Sources of Dramatic Theory: Volume 1, Plato to Congreve
Michael J. Sidnell, Sidnell Michael J., D. J. Conacher
Cambridge University Press, 1991. 5. 9. - 317페이지
This volume includes major theoretical writings on drama from the Greeks, through the Renaissance up to the late seventeenth century, compiled and edited for students of drama and theater. There are substantial extracts from twenty-eight writers including Plato, Aristotle, Horace, Scaliger, Castelvetro, Guarini, Sidney, Jonson, Corneille, Racine, Dryden and Congreve. The compilers have chosen writers who present detailed arguments about issues that are still relevant to our understanding of drama and theater. Many of the texts have been freshly translated and all have been newly annotated and introduced by the compilers, who draw attention to recurrent themes by a system of cross-references. Michael Sidnell's useful introduction explores the issues that frequently concern these writers and practitioners: the nature of imitation, the relation of dramatic text to live performance, the effect of stage action on audience emotion and behavior--issues that still concern critics and theorists of drama today. Later volumes will cover the period from Diderot to Victor Hugo, modern dramatic theory, and performance theory.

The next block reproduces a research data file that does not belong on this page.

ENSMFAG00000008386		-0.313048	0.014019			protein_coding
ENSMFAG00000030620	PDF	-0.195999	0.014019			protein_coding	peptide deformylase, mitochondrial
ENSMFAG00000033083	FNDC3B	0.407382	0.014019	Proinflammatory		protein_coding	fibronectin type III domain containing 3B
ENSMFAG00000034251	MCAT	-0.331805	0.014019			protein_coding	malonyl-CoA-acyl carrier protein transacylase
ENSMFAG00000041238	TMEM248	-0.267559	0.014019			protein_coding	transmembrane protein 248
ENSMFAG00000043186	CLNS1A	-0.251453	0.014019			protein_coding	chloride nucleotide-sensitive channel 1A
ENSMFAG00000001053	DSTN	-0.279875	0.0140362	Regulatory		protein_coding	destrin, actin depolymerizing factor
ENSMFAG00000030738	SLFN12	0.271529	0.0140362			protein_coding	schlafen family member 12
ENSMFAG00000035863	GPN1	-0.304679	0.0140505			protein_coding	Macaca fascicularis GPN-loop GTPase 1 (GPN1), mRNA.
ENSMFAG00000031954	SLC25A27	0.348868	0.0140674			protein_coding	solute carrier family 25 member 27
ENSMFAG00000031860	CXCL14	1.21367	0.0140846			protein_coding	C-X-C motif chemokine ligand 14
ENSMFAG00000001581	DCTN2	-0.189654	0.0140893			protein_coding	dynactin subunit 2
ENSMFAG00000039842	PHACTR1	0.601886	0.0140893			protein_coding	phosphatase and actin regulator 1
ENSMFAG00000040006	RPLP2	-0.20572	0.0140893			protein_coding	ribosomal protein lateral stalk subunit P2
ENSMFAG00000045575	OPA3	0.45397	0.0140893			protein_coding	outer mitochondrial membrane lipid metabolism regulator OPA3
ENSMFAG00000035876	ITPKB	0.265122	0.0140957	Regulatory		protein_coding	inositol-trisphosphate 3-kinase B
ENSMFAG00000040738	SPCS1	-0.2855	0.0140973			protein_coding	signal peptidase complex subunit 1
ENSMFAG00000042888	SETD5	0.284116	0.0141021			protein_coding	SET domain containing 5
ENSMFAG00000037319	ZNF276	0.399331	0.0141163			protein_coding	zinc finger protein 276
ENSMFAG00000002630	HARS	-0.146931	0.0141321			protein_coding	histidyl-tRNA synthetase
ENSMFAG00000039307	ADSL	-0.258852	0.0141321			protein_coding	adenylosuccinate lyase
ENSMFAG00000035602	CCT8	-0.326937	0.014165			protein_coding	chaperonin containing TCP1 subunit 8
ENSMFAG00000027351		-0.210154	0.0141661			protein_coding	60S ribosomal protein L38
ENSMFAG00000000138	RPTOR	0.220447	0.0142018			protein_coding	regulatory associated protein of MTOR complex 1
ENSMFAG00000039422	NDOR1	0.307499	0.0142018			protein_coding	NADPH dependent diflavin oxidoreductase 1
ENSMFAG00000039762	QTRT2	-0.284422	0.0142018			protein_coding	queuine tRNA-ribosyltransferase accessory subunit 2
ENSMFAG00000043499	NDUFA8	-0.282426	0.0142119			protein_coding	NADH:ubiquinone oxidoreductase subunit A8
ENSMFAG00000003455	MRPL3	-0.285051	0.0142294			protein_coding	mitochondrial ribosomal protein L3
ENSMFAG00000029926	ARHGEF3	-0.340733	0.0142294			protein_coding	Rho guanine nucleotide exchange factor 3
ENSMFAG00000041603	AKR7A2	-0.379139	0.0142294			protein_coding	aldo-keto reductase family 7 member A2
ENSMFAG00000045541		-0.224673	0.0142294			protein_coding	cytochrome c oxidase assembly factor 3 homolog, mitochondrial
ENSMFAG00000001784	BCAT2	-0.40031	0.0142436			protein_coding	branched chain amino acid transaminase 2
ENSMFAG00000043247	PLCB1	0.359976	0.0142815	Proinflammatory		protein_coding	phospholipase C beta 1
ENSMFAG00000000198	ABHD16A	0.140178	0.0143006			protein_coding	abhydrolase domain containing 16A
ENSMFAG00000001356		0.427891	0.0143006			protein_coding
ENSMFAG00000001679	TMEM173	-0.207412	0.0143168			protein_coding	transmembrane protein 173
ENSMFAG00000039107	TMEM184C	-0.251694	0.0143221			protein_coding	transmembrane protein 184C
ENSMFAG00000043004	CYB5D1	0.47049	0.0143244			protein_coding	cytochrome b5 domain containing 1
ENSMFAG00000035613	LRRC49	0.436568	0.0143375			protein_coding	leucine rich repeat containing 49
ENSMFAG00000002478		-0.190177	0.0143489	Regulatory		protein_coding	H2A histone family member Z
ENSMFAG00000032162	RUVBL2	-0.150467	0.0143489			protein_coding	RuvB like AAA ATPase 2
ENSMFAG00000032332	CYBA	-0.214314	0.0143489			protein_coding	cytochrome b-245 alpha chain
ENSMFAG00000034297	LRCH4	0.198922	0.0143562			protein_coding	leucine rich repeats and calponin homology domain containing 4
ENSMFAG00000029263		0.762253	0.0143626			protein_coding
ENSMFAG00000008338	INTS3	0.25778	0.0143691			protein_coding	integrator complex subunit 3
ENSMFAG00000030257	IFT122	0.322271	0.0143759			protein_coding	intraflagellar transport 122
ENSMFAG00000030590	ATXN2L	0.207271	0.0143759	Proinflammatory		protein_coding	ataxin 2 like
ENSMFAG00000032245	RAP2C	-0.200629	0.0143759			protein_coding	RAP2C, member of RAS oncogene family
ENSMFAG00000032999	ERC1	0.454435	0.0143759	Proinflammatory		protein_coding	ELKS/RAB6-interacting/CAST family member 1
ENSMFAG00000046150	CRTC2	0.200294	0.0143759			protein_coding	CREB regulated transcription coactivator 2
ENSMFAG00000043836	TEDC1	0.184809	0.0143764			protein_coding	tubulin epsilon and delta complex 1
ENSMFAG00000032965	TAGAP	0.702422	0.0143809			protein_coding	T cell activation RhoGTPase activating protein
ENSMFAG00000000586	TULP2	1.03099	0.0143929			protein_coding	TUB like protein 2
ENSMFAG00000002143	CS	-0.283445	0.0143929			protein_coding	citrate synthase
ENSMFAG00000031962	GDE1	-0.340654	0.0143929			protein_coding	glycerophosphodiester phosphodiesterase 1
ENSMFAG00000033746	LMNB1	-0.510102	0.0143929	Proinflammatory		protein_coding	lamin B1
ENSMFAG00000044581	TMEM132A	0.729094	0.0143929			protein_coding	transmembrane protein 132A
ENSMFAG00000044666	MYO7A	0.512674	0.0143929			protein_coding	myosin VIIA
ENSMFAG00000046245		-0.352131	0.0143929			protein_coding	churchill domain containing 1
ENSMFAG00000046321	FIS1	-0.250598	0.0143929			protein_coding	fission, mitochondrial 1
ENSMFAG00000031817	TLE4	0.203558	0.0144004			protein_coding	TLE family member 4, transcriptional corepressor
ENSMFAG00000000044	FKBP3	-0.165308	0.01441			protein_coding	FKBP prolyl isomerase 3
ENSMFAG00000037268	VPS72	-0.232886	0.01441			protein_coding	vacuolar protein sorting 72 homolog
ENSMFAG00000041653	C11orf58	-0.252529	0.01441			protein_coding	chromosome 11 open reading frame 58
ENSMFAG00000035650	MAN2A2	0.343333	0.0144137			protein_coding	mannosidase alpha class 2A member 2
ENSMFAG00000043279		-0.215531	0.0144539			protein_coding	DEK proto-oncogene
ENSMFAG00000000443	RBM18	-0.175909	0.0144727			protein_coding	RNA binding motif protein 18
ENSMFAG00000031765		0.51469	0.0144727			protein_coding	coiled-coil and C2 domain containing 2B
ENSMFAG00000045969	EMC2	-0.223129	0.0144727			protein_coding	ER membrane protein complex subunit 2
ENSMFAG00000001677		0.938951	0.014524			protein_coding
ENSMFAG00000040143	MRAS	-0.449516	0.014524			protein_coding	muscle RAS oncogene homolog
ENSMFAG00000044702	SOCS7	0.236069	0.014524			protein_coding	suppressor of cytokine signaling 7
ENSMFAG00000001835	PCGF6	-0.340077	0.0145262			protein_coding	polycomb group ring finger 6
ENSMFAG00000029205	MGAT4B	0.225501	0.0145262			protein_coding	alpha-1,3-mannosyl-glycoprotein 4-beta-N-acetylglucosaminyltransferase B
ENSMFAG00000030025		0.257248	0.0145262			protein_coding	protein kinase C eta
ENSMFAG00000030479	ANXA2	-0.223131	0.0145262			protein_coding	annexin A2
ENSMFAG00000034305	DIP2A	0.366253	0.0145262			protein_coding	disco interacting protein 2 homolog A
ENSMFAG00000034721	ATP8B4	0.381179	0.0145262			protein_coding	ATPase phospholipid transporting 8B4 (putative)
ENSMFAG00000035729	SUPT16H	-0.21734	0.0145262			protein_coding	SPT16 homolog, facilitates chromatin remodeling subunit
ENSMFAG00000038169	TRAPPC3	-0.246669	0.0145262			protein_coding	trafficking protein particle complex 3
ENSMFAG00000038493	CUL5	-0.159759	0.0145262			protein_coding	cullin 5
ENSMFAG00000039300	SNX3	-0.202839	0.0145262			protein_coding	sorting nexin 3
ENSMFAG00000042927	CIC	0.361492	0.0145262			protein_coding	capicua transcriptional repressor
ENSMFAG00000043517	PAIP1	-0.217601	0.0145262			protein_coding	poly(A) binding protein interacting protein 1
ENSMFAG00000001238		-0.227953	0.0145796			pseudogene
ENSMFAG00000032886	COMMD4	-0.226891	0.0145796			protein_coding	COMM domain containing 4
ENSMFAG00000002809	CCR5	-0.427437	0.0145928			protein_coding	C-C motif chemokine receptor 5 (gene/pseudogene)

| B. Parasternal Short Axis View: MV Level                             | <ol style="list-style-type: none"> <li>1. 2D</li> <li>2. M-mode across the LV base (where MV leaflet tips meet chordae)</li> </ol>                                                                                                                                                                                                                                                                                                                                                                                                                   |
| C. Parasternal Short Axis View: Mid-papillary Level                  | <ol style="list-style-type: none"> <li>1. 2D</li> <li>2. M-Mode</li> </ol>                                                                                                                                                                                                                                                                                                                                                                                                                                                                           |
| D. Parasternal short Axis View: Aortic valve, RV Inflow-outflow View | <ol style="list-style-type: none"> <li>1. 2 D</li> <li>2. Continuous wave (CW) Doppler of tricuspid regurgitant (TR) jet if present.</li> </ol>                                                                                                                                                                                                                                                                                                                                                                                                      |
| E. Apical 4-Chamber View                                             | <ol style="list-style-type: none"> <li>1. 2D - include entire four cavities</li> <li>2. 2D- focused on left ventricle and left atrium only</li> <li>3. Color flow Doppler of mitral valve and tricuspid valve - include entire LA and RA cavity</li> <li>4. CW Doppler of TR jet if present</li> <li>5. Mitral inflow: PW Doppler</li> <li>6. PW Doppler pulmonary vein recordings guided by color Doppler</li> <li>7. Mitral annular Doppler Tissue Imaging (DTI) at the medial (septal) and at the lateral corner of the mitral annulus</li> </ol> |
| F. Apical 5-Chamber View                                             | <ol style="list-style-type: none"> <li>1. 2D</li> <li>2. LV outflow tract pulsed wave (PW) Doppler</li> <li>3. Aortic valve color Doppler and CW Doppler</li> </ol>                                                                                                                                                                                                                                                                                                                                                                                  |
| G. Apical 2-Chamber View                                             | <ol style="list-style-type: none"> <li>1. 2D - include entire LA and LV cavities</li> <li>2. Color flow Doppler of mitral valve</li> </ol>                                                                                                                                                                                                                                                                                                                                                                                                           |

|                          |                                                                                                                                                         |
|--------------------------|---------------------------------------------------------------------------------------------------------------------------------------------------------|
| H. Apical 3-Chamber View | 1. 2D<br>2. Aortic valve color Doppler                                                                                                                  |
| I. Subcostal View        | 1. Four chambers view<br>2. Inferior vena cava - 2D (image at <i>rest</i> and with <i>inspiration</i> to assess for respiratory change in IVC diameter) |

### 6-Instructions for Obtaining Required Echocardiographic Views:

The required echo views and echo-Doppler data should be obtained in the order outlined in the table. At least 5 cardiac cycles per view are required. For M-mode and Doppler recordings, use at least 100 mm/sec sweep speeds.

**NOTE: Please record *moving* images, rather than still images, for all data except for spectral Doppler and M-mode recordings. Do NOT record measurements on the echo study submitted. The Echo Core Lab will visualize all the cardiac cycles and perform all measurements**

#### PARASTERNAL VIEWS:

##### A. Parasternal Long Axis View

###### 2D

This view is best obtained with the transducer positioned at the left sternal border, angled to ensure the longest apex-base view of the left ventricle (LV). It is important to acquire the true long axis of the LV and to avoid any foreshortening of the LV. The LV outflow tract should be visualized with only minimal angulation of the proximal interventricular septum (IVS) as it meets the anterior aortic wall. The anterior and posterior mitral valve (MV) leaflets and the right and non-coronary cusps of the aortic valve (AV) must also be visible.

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Julius Caesar Scaliger
Bartolomé de Torres Naharro III
Giambattista Giraldi Cinthio
Sir Philip Sidney
Felix Lope de Vega
Two seventeenthcentury views of Corneilles Le Cid
François Hédelin abbé dAubignac
Charles de SaintEvremond
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according action actors actual Aeschylus ancient appear Aristotle Aristotle's audience beginning believe better called cause CHAPTER character comedy comic common complete concerned considered Corneille critical death delight discussion dramatic effect emotions epic example express fear follows give Greek happened happy human humour imitation important incidents includes invented Italy kind kings language laughter less live manner matter means mind moral move nature necessary never notes observed opinion particular passions performed persons pity Plautus play pleasure plot poem poet Poetics poetry possible practice present probably produce PROLOGUE reason recognition relation represented respect rules scene seems soul speak spectators speech stage story theatre theory things thought tragedy tragic translation true truth unity verse virtue whole writing